Historical View of Clinton County, Pennsylvania by "D. S. Maynard"


Woodward Township

This township is located on the north side of the West Branch, opposite Lock Haven. It is bounded on the south by the river, on the west by Colebrook, on the north by gallauher, and on the east by Dunnstable, and is about four by five miles in extent. It was organized in 1841 and named in honor of Hon. Geo. W. Woodward, then President Judge of the district. In 1844 a portion of Dunnstable was annexed to the township, and in 1853 a part of Colebrook was added, so that now its area is considerably greater than when it was formed.

The township is quite hilly, and contains very little level land with the exception of a few hundred acres lying along the river; the soil, however, is generally productive, and especially adapted to fruit raising, and is favorable to the production of grass, grain, potatoes, &c.

The West Branch flows along the southern border of the township, forming a water front of about six miles; the other "water privileges" of the township are Queen's (or Quinn's) run with its numerous branches, and several other smaller streams, all of which furnish sufficient pure water for the use of live stock, &c.

The first settlements in the township were upon the river nearly opposite where Lock Haven now stands. The following sketch of that portion of the township in which the pioneers located is given by Mr. I. L. McCloskey:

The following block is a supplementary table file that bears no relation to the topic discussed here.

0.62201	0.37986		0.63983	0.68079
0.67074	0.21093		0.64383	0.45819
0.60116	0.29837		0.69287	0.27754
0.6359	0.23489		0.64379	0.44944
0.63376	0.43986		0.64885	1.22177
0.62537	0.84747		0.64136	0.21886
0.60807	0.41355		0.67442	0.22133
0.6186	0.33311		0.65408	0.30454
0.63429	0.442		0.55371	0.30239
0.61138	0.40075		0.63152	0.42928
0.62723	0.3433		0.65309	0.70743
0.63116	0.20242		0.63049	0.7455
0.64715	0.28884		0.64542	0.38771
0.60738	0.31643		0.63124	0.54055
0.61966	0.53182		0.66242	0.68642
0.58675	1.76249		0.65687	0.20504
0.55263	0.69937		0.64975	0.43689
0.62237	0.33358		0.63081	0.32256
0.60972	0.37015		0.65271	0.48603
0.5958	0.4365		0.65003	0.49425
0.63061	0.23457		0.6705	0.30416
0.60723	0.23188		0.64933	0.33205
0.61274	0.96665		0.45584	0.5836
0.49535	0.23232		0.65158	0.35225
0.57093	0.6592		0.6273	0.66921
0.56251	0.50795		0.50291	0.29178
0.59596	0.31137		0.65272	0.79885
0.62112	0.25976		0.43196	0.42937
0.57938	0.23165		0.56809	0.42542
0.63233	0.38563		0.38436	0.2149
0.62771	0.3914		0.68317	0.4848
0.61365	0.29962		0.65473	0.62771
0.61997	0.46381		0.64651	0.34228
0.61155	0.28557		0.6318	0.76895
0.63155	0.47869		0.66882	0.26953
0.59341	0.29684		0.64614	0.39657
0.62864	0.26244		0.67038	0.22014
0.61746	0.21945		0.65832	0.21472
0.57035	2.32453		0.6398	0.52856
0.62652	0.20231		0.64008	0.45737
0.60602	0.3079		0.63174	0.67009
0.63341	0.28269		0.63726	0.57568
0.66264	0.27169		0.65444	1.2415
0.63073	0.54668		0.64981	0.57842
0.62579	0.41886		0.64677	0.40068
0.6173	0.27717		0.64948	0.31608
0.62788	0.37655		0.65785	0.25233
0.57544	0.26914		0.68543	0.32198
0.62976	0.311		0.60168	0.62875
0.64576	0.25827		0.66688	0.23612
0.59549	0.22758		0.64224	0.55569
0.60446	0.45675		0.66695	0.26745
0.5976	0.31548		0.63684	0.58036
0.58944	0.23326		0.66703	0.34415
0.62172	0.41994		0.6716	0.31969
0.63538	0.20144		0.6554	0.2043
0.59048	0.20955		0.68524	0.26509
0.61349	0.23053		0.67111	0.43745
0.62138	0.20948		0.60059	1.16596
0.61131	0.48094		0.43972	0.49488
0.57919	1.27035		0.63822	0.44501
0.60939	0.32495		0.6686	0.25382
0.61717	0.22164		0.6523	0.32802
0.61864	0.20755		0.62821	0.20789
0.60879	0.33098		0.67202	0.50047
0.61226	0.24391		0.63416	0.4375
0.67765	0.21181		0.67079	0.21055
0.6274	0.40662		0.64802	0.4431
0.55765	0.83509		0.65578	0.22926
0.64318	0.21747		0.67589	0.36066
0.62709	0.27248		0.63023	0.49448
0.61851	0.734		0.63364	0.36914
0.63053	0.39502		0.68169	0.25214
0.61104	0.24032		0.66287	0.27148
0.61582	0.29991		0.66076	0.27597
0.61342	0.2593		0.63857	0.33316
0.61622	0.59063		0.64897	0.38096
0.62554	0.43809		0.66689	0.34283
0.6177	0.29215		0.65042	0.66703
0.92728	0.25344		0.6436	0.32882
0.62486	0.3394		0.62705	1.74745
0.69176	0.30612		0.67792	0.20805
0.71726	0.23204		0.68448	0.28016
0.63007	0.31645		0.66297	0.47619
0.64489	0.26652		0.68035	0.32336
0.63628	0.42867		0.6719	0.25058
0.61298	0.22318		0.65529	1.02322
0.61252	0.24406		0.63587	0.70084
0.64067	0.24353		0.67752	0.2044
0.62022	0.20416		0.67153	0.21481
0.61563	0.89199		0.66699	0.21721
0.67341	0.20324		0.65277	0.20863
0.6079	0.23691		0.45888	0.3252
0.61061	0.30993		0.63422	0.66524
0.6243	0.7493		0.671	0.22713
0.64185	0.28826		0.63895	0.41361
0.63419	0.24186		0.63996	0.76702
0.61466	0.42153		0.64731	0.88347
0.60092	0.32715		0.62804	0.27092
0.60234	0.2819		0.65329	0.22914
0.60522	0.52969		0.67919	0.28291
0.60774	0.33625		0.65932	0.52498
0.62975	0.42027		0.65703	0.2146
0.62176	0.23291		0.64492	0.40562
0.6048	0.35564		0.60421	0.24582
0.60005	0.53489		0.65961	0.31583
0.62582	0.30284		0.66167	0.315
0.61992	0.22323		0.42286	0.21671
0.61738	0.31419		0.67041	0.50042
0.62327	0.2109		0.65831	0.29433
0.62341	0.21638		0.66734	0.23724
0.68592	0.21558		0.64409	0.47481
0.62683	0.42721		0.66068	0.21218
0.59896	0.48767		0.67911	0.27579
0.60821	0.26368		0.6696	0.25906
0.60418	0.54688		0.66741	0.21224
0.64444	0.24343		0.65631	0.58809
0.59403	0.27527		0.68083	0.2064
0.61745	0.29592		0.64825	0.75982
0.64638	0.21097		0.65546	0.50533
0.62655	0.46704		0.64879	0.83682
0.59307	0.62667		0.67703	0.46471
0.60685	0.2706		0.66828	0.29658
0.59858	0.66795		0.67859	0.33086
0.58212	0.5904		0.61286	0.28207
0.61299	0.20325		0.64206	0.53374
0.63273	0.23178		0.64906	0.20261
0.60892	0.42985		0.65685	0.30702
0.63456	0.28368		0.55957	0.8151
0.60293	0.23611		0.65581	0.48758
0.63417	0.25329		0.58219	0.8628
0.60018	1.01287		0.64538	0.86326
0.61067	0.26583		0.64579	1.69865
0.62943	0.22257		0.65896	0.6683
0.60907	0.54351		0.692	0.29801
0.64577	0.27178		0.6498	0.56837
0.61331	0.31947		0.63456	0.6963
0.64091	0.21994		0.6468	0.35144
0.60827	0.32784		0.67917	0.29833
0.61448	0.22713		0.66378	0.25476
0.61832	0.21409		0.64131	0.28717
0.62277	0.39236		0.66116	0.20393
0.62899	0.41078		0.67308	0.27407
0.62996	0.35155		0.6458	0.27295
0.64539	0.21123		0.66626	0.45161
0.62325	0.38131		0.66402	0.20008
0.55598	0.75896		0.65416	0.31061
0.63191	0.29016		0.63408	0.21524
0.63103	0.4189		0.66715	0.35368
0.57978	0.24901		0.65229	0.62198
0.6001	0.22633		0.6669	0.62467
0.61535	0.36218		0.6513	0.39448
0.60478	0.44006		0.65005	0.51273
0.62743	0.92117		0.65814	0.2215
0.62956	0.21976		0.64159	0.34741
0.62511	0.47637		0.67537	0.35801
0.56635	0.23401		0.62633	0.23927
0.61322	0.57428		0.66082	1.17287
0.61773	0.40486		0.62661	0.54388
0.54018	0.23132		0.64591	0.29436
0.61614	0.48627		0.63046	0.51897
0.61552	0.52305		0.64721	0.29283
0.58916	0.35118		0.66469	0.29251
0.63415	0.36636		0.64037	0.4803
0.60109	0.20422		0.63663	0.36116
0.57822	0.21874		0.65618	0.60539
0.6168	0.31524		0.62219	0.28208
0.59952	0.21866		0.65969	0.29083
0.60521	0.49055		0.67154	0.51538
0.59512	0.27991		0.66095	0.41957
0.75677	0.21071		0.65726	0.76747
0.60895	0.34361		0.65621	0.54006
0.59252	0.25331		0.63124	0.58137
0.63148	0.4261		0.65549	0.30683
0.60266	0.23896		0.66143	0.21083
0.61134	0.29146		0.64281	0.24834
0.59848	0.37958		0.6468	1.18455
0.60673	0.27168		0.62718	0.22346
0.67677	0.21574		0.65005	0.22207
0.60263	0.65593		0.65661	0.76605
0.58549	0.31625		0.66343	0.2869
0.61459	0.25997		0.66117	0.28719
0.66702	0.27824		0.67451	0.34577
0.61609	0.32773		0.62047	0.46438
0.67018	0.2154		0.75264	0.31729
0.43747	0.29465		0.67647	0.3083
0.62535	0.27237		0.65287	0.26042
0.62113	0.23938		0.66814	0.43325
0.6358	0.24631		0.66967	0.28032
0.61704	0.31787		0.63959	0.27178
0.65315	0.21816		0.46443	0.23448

A patent was granted Wm. Dunn, grandfather of Judge Dunn, for the land where Dunnsburg now stands, which was laid out by him in 1792 and called by his name. It was intended to be the county seat of Lycoming county, but afterwards was not taken, consequently has not made the improvement it otherwise would have done. The first and oldest residents were the Myers, Whites, Curns, Fargus, Reeds, and Hannas.

The first post office established here, was the first in the county. The date is not known, but it was about the time the first mail was carried through this place. How long it was continued is not known.

At an early date there was a distillery and tannery, but they have long since gone to decay, and not a vestige of them remains.

Thos. Cummings, a resident of this place, was a cabinet maker. He made the first ballot box used in Woodward township; it is a very fine piece of workmanship.

The first saw-mill in this place was built in the year 1850 by Crowel and Burton. Two Yankees, and is now owned by Best. Hopkins & Co. Another saw-mill was built in 1853 by S. L. M. Conser & Co., but it was not a success. It was torn down, and the mill now owned by S. M. Bickford & Co. was erected in its place. The first store was kept by Francis Fargus, who also kept the first post office. The first meetings were held by Rev. Jones, a Baptist minister.

The M. E. church was built in 1850. Prior to this, religious services were held in an old log school house, about 16x20 feet. A protracted meeting was held in major McCloskey's barn and was conducted by